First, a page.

Study Groups: Pros And Cons

There’s a lot of debate on whether study groups actually improve a person’s likelihood of achievement. Many thrive in such a group, normally when said group push them to do beyond what they would normally do in preparation for an exam. However, quite often study groups have the opposite effect, where studiers settle for mediocre and use the rest of their time, in the group, for socialising.
Here’s a list of pros and cons for those of you who can’t decide whether it’s the right move for you.

Pros Cons
Studying with other people allows you the opportunity to test each other before the exam. Study groups often just turn into social gatherings and not a lot of studying actually gets done.
You are able to ask your fellow studiers for help understanding a topic you don’t get. All members need to be equally motivated or else one or two members can affect the activeness of the entire group.
Many classes are better studied through debates and discussions, something you can’t do on your own. Members who spend more of their free time working on the material quite often don’t get a lot of studying done in the group, as they spend most of the session just explaining things to other people.
Having to discuss different topics with other people forces you to come up with explanations, using terminology that can later be useful in the exam. Depending on the type of group, members may just settle for mediocrity, instead of pushing themselves to achieve more.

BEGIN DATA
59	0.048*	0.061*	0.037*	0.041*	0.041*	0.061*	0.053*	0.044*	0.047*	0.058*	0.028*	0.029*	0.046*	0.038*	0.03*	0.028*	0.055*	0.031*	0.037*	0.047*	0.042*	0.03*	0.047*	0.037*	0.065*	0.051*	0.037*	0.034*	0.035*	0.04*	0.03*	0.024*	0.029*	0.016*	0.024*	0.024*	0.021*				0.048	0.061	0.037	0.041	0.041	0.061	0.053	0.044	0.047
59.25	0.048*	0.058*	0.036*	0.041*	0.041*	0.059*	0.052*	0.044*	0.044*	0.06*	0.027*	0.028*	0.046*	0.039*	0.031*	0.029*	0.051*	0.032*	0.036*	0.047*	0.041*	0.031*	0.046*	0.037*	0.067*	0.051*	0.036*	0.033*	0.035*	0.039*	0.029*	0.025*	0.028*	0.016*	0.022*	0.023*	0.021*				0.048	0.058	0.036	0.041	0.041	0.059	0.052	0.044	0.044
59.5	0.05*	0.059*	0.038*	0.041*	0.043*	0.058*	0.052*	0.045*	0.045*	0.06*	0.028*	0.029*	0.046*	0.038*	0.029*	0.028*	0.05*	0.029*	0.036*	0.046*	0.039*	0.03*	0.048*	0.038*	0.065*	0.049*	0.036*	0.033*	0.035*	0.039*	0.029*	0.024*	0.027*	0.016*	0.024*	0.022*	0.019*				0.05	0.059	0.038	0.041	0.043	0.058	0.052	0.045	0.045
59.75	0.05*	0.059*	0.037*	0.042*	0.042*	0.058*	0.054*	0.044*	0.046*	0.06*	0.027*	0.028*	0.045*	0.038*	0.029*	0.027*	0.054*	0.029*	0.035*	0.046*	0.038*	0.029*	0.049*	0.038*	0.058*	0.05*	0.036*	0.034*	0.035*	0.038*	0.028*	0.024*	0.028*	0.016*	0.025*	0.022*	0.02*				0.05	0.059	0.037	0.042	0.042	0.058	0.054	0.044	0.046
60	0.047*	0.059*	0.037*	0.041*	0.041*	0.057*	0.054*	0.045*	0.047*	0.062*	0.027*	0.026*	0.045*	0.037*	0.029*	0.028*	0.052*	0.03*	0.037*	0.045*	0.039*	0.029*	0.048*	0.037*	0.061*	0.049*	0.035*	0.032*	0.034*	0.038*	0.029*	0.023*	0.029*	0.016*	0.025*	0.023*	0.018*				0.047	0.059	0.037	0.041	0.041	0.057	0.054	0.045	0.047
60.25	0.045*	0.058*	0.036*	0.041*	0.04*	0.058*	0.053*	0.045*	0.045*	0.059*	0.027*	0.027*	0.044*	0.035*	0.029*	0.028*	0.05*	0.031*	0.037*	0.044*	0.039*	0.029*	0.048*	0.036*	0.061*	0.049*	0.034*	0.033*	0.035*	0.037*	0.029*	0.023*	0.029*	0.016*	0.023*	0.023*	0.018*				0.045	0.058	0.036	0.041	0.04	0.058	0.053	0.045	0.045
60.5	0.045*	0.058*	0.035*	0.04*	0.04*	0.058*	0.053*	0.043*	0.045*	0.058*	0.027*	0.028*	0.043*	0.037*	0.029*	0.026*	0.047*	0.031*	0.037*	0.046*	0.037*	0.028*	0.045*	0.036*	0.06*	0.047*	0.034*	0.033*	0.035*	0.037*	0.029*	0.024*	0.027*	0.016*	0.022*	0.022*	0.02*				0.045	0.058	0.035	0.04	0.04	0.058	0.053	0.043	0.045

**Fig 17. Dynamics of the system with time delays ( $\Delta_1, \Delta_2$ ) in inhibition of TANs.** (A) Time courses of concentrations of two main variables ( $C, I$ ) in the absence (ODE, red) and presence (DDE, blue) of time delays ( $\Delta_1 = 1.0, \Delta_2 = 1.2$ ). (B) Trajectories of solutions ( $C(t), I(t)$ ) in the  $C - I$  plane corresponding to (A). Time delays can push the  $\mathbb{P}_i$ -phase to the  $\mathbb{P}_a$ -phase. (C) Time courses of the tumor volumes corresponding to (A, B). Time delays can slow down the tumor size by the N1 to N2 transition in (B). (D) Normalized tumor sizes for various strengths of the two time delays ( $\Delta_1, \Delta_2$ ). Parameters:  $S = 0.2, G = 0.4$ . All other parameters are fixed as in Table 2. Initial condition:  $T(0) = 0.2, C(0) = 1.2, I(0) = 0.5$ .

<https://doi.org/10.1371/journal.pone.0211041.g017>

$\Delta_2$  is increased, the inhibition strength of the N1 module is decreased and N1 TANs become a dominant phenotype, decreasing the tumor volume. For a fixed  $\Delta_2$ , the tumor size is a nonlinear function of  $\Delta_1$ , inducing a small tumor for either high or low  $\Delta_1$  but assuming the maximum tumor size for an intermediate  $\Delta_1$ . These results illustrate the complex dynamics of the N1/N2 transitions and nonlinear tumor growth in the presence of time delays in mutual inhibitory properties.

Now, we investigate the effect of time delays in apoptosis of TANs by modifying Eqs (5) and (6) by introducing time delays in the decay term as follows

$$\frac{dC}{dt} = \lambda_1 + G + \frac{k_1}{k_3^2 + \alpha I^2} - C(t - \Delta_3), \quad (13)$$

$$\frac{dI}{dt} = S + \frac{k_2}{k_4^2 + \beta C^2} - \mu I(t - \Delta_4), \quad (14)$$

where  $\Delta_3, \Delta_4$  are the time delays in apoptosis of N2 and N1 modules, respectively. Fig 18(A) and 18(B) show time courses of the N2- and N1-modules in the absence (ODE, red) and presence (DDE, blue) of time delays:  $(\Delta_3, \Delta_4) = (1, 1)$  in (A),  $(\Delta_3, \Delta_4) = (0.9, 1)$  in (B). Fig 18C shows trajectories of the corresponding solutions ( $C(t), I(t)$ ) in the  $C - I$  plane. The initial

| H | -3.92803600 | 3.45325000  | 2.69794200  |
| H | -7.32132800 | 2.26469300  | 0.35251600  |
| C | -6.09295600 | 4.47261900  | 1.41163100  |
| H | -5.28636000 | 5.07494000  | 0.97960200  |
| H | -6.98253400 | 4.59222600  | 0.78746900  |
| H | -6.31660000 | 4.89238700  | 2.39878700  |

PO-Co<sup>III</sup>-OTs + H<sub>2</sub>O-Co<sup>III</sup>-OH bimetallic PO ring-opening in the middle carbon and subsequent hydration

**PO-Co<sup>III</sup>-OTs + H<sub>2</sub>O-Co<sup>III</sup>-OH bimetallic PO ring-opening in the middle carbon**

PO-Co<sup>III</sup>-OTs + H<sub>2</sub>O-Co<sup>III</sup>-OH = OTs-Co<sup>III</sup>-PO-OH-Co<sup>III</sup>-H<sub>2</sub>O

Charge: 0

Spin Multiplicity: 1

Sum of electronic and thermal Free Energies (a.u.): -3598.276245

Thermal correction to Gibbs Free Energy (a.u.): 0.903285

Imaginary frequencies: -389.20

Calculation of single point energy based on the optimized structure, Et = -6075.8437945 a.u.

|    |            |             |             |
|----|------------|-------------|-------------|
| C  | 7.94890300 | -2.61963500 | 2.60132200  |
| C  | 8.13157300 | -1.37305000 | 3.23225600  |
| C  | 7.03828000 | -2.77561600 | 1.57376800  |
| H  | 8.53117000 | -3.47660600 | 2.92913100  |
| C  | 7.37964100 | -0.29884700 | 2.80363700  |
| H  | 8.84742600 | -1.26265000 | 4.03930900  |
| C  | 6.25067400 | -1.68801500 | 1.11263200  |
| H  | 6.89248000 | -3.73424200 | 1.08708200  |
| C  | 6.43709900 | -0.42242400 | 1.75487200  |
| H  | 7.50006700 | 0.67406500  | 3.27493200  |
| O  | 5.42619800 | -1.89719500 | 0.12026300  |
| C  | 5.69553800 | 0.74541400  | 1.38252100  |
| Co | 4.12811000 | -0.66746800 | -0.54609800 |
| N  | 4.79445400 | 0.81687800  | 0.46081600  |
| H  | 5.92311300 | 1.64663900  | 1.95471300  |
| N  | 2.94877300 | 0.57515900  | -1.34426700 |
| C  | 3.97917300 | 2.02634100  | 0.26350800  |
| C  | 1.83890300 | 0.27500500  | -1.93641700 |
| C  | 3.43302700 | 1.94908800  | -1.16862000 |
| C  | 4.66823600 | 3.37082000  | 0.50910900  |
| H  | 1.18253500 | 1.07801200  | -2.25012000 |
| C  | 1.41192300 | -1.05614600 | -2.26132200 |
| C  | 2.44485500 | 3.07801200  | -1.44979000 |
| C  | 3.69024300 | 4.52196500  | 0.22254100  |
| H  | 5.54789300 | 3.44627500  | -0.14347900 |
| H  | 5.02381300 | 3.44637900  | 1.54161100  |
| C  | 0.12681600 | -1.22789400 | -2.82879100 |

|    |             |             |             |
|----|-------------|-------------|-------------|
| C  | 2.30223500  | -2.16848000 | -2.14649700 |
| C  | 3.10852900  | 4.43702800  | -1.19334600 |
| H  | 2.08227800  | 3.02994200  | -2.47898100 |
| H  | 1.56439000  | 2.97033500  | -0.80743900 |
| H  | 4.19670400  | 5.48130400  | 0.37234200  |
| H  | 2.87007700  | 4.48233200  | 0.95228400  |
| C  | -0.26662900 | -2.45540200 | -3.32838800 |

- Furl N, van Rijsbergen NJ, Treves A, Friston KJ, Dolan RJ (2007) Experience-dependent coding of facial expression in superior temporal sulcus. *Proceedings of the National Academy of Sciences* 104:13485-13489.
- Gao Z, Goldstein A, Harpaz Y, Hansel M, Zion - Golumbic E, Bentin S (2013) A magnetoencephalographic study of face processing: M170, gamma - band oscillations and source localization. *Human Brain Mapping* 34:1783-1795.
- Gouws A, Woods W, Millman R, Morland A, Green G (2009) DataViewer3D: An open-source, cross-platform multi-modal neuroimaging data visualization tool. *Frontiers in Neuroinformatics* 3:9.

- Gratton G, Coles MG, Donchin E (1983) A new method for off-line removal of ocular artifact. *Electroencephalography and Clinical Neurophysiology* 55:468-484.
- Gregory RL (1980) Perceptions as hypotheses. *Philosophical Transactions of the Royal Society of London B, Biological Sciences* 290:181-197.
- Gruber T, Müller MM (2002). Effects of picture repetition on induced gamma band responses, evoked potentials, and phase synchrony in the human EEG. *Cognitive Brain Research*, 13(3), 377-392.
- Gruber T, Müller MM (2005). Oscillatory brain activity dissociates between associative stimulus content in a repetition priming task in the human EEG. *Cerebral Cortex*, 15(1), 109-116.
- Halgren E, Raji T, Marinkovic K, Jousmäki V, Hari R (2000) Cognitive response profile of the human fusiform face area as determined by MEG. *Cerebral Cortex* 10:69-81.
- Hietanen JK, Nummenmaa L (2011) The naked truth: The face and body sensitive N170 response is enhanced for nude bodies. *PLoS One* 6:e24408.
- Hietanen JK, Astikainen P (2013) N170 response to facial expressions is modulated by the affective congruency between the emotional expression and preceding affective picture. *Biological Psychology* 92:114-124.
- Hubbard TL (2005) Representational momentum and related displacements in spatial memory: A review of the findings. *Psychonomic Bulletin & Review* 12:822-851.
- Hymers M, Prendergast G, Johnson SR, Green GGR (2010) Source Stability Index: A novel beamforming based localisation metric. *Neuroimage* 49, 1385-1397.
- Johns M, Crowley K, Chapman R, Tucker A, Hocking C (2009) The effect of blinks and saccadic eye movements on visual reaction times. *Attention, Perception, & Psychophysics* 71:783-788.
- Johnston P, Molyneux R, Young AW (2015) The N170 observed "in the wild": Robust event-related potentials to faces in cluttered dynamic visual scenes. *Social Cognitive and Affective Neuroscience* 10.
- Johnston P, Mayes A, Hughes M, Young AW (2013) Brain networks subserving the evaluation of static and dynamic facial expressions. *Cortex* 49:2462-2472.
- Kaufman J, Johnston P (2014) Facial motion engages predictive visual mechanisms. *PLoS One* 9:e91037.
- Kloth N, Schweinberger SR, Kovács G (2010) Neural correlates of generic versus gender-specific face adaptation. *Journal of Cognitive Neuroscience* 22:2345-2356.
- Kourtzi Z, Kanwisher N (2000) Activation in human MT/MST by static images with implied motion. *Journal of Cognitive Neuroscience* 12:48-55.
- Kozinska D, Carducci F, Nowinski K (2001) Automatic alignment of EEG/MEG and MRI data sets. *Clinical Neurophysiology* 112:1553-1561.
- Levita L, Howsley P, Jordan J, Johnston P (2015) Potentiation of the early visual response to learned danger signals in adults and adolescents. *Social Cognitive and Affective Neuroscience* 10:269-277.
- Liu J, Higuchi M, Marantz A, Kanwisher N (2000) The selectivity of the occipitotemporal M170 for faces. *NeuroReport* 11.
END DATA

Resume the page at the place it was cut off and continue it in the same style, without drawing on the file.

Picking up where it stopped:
Complex subjects can be split into various parts, so that individuals can work on their part and then “teach” what they have learnt to the rest of the group. Generally, an individual’s personal level of concentration isn’t as high, due to distractions.
Setting times for study groups helps the more lethargic person study, as it forces them to be somewhere at a specific time and study for an entire session. Loss of study time in the commute to the location of the study group.
Generally study groups will use more resources than if you were studying on your own, because they tend to meet in libraries or at their university. Quite often people don’t go to a study group long enough to obtain the desired results.
A study group gives you the chance to compare notes taken in class. Maybe what you didn’t think was important enough to write down, someone else did. There is sometimes a time issue, as the group can only work at the pace of the slowest member. This can have a negative effect on the more comprehending members of the group.

Hopefully this list will help you decide whether a study group is for you.
My final comment would have to be, make sure you join a group filled with avid studiers, because motivation is the key to success.